Bill did a lot of reading and thinking when deciding which sorts of chickens we'd like to keep on our little farm. He went with the barred rock because of their low maintenance life style. As a traditional breed, they seem more natural in that they are good foragers and know how to brood their own babies.
But to fill out the minimum order of 25 birds, we also ordered a bunch of Cornish X (Cornish Cross, CC) meat birds.
While our barred rocks will live a fab-o organic, free-range (when possible) lifestyle, the cornish crosses will be in our freezer before they are big enough to live outside. According to this blogger, that is just as well.
For me, raising them has been a horrible experience. CC are not like real chickens. They are a factory farm cross breed made by crossing a Cornish with a White Rock. Their intelligence and alert foraging abilities have been bred out of them. They have massive, fast-growing bodies with short, thick legs. These legs will literally go out from under them when reaching about 8 or 9 weeks of age. They just can’t support their own weight. They have congestive heart failure quite easily. Rarely, and I do mean rarely, one will live as long as a year. But CC are an industry bird, and those grocery store chickens you see with the plump white meat, well, those are them. And they basically just eat, drink, and poop and prefer to be in a cool, confined space, unlike a normal chicken, who craves scratching, eating fresh grasses, and sleeping in sunlight. Cornish Cross chickens are the edible freaks of the chicken world.She tried letting her cornish crosses out in the outside pen with the rest of her birds, but a few died within a few hours because they didn't know how to stay out of the sun or to drink water when it wasn't right in front of them.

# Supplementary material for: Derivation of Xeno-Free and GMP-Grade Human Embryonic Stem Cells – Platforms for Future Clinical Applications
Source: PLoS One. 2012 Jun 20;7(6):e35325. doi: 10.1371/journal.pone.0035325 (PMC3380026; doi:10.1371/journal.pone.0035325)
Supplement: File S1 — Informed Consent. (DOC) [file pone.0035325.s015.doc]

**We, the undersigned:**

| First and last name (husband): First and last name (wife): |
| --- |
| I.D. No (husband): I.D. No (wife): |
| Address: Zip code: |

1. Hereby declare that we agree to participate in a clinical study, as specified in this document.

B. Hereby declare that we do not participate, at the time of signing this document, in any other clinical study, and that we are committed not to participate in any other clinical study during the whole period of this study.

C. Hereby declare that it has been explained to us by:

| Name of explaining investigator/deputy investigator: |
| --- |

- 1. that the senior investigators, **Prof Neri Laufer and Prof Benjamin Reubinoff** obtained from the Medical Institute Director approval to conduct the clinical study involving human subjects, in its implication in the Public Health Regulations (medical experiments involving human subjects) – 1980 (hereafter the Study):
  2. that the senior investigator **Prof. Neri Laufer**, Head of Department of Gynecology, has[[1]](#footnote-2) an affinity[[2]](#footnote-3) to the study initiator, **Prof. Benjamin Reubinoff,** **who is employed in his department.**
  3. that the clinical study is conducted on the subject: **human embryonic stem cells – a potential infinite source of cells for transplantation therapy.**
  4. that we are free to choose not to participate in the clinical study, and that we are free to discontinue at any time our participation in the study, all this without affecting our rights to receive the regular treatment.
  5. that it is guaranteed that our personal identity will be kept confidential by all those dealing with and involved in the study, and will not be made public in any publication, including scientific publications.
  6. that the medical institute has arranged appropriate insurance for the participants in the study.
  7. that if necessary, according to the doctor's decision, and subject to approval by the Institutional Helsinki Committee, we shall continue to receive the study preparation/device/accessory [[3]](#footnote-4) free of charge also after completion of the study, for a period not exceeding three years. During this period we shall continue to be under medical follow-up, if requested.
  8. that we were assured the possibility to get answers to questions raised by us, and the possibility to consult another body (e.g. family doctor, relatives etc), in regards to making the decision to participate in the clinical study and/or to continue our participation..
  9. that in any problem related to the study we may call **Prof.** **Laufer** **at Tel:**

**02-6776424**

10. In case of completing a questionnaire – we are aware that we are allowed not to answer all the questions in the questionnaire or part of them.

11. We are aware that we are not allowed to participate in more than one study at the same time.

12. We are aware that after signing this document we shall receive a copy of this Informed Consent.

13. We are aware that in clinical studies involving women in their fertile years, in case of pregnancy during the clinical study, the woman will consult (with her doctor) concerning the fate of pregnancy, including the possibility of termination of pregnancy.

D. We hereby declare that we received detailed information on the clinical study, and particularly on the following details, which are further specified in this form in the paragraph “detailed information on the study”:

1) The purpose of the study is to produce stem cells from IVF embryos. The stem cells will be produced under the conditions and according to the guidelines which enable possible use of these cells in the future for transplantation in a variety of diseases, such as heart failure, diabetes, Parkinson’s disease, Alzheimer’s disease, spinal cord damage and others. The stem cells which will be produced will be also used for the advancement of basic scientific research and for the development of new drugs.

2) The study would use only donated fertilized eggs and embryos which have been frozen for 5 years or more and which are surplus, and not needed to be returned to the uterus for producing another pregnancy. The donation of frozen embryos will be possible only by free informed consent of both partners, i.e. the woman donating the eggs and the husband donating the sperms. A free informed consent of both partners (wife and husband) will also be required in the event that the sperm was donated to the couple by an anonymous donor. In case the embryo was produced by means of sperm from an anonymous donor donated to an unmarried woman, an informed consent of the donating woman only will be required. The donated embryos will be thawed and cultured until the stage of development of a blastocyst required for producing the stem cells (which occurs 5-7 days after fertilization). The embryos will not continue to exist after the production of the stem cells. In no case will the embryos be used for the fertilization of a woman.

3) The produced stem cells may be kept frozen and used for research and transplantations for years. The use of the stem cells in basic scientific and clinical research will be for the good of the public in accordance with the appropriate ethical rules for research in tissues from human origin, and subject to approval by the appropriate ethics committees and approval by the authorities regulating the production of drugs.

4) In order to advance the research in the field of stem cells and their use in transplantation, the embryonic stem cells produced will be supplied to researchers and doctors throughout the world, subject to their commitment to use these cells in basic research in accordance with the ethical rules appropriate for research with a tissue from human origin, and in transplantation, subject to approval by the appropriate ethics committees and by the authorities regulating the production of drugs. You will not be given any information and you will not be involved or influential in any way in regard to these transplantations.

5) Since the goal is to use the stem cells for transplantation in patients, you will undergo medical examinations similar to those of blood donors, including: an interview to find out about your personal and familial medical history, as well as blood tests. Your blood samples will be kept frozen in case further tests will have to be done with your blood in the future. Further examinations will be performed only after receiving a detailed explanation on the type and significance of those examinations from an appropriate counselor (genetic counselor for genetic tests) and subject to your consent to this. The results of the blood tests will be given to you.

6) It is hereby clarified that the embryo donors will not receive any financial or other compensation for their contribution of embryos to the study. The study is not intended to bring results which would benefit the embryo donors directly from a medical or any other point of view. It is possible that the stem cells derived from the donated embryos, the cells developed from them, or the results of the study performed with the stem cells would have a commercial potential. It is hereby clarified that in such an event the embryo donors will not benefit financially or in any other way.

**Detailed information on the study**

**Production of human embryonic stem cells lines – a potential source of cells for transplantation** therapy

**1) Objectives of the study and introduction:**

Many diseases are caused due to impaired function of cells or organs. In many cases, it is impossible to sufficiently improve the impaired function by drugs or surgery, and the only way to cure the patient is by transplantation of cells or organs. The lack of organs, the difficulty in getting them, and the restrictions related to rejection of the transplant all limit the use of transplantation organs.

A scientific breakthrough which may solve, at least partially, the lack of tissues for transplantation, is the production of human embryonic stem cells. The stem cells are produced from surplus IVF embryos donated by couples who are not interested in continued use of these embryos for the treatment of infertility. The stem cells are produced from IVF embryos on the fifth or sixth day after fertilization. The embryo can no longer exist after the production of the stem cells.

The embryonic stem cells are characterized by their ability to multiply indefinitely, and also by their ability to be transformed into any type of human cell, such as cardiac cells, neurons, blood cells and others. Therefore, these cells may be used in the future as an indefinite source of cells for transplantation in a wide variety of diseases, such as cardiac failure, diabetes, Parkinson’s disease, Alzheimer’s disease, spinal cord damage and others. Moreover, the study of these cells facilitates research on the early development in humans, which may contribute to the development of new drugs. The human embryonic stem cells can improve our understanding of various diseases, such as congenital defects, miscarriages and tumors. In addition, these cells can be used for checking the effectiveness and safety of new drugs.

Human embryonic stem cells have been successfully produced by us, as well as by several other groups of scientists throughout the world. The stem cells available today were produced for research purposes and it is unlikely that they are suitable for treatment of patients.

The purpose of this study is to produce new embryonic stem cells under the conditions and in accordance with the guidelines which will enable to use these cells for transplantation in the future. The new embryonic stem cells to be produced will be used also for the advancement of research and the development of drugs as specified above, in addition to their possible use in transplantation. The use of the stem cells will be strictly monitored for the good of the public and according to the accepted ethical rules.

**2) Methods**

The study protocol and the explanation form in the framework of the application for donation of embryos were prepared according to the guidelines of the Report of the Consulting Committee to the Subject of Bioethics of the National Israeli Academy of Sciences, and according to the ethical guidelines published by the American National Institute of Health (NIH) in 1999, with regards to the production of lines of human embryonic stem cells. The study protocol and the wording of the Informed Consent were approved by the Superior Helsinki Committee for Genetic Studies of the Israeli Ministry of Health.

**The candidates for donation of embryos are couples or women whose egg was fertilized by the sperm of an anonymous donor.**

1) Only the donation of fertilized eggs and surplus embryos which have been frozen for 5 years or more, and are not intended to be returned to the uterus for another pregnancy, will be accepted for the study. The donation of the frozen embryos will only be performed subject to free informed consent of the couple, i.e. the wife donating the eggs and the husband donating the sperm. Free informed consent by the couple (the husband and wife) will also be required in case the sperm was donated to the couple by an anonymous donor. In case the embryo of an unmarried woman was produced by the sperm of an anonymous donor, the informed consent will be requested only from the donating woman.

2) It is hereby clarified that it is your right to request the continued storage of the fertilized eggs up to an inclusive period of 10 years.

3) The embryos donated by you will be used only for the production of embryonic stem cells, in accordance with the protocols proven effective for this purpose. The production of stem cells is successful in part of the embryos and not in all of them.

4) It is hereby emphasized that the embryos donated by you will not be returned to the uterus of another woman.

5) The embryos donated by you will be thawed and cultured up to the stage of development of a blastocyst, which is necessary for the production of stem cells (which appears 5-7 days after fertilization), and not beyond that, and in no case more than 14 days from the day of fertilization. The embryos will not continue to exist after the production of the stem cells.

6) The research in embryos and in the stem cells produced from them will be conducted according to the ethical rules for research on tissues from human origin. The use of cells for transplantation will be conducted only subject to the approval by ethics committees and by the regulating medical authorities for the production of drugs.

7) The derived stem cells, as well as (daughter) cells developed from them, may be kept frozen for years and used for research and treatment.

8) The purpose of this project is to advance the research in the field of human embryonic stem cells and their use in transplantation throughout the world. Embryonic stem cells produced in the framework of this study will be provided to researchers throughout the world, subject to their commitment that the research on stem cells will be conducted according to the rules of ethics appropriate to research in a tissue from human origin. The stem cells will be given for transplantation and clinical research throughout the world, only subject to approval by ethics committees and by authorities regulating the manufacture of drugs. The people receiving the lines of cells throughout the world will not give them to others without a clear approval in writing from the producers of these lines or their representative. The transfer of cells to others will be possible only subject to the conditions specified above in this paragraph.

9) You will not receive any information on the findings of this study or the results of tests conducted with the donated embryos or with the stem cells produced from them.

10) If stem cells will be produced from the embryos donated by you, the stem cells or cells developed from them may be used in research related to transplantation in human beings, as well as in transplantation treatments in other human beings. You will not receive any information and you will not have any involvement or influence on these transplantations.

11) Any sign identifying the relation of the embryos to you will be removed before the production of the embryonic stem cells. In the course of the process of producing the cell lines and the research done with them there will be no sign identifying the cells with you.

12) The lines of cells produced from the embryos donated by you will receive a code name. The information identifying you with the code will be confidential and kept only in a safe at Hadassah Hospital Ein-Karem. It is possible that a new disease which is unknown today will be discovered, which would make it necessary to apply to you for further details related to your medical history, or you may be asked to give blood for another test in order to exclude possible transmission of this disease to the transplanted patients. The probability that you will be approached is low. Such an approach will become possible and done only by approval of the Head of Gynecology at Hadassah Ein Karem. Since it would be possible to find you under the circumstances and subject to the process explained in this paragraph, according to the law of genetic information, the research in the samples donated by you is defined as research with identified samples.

Industrializing food has interesting consequences. Barred rock chickens, a current favorite of small farms and backyard chicken-raisers, were first bred in the early 1800 but were recently in danger of extinction because they lay cream colored (not white) eggs, which are not good for industrial processes. And while they are decent layers and decent for meat, they aren't exceptional at either. I assume as industry moved toward breeds like cornish crosses, more traditional breeds suffered.
The most complex issue concerning meat birds at all, at least for me, is the issue of “humane” meat growing. For some reason I believed that my way of raising Cornish Crosses would be more humane than their being raised on a factory farm. Now I’m not so sure. I thought raising them in fresh air and sunshine would be good for them, and they died. Where a factory farm has controlled heating and cooling specifically designed for meat birds, and they are bred to be comfortable under those conditions. Those who rally against factory farmed birds being mistreated by not having access to the outdoors (i.e. free-ranging), maybe have the wrong argument. Just because these birds have never seen the sun, never felt grass beneath their toes, or have lived long enough to mount or crow, doesn’t mean they are being mistreated. Cornish Crosses are engineered to eat, drink, and poop. It is all they care about and it is all they can manage to do, anyway.